It had been more than forty years since I had seen Ellijay. It is indeed a changed place. Today, it's a huge tourist destination for people who hail from points south in Georgia. Most of those drive up from Atlanta, I suspect. The old stores that were there when I was a teenager are gone, replaced by antique malls and art shops and ice cream joints and restaurants and boutiques of various types. And the people are not the ones I recall. The inbred monsters have been replaced by entrepreneurs and their non-inbred families. Hispanic people live there now, and even black people! The old Klan creeps who dominated the Ellijay of my youth must have shriveled in horror (the county was 100% white when we lived there).

But we were not there to see the shops and tourist boutiques. We were just passing through, on our way to visit Lake Conasauga high in the Cohutta Mountains north of Ellijay. We made it through the busy downtown crawling with curious Atlantans up for the weekend and headed north to the Forest Service roads that would take us to the high country and to Lake Conasauga.

Again, it had been forty or more years since I had seen the Cohutta Mountains. The last time I'd visited I wasn't yet twenty years old and so homesick for the north Georgia mountains that every curve in the gravel roads that took me to the ridge tops brought tears to my eyes. My heart was aching and I hardly knew what to do with myself. Then, I had only a couple of days to revisit the beauty of the mountains of my childhood and then I knew that points south and flat were calling to me of responsibility. It was sweet and it was horrible.

The drive to Conasauga was fourteen miles of rough, rocky Forest Service roadways. We climbed from roughly 1,000 feet above sea level to 3,300 feet above sea level, passing through forests of hardwoods and pines and dying hemlocks. At about 2,500 feet the mountains met the clouds and we were socked in by flowing mists and the temperature plunged from the low 80s in town to the 50s on the ridges. Carole had not brought a jacket and I had to give her mine.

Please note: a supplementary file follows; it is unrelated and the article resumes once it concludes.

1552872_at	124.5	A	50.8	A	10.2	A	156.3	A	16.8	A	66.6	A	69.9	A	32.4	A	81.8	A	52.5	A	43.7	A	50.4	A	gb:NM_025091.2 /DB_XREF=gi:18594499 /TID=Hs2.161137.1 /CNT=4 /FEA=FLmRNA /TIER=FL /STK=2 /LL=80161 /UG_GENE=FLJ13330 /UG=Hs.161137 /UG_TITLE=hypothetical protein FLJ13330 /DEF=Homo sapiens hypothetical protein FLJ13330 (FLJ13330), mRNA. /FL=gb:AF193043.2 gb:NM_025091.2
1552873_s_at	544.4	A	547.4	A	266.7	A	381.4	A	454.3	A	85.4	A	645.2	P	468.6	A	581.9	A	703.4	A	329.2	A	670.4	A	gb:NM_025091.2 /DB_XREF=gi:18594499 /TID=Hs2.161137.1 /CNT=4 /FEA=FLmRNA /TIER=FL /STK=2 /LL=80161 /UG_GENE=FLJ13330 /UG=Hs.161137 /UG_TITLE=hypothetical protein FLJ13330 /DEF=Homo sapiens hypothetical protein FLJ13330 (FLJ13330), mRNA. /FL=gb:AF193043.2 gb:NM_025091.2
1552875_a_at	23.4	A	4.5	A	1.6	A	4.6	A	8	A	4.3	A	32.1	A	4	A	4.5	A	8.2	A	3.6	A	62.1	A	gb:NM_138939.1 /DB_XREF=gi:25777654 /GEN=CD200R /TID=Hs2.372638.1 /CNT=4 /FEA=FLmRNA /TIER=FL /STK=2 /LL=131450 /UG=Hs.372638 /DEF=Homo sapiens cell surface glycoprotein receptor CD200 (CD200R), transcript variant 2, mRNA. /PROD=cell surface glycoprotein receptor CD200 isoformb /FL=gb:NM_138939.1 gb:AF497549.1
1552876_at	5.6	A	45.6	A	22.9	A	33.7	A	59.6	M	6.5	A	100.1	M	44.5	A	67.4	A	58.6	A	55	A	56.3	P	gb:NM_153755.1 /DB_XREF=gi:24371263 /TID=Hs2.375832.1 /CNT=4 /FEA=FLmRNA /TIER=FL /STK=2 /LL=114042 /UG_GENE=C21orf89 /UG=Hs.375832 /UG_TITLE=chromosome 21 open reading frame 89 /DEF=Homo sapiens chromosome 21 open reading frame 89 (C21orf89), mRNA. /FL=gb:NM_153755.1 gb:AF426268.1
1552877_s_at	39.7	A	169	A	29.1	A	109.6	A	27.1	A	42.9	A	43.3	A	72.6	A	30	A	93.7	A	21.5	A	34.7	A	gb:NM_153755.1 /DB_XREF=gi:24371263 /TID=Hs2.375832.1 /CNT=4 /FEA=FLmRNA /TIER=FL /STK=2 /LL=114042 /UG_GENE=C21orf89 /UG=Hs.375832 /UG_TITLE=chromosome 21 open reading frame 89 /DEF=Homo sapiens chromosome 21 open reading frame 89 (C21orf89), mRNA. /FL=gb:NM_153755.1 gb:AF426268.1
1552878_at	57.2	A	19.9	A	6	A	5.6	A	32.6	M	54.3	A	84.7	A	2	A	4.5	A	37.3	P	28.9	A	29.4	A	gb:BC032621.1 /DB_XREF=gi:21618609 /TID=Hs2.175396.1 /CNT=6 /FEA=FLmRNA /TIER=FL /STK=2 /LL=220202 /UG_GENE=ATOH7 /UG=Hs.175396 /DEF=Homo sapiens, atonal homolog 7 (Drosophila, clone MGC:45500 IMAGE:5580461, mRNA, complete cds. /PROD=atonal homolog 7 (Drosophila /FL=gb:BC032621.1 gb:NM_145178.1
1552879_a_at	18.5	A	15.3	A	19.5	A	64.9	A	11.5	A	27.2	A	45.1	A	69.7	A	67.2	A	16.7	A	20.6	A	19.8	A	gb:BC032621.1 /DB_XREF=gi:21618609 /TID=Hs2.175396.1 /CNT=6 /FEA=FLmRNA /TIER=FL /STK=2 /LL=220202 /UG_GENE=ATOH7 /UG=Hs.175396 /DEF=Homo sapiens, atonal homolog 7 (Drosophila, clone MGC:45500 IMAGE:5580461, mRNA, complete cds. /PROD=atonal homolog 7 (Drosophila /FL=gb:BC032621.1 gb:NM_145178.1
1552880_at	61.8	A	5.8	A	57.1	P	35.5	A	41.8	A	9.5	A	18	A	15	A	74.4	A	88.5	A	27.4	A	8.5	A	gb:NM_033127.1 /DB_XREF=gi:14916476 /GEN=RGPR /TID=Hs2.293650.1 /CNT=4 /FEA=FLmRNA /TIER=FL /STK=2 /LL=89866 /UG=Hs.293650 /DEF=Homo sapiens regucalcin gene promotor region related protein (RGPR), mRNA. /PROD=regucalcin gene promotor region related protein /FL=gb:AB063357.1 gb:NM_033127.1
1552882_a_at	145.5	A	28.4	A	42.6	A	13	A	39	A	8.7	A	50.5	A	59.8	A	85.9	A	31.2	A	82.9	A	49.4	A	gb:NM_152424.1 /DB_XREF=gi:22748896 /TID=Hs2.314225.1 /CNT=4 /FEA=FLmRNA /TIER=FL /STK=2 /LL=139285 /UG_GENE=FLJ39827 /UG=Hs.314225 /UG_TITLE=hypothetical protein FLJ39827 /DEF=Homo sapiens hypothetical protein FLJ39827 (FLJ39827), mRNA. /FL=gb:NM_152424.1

Our secondary plan had been to unload the kayaks at the lake and paddle around there and enjoy the peace. But it was too cold and wet up there and you literally could not see more than ten feet in any direction, so we decided just to sit on the shore of the misty lake and have lunch and listen to the silence that was multiplied by the cloaking mists.

Spider web capturing the droplets of mist and rain.

Bear country. There are lots more bears there now than when I was a kid.

One of the nice picnic shelters that they've constructed at the lake.

Everything muffled by the pea-soup mists.

There was no view of the lake, at all.

Lake Conasauga is the highest lake in Georgia. About 3,300 feet above sea level, as I recall.

Part of the trail around the lake.


I had to use a towel around my shoulders to keep warm. It was really chilly. We had a good time eating lunch by the shore of the lake.

Monday, September 15, 2014

Helton Creek Falls: Hemlock holocaust.

Somehow I had managed to never see Helton Creek Falls during the years when I lived in the north Georgia mountains. It's a spectacular waterfall and I'm glad I finally got to see it. But I had mixed emotions viewing this very beautiful spot.

As I climbed down into the gorge the first thing that hit me was that I was walking in bright, direct sunlight when I should have been walking under a forest canopy. Looking all around--in every direction--I realized that this very steep and rugged gorge had housed a luxurious and probably old growth forest of hemlock trees.

And, of course, if you've been following this blog for very long you will know what has become of our native hemlock trees. This particular location was especially distressing. There was not a living hemlock there of any consequential size. I could see large hemlocks lying dead just about everywhere I cast my gaze. All victims of the invasive pest, the Hemlock wooly adelgid.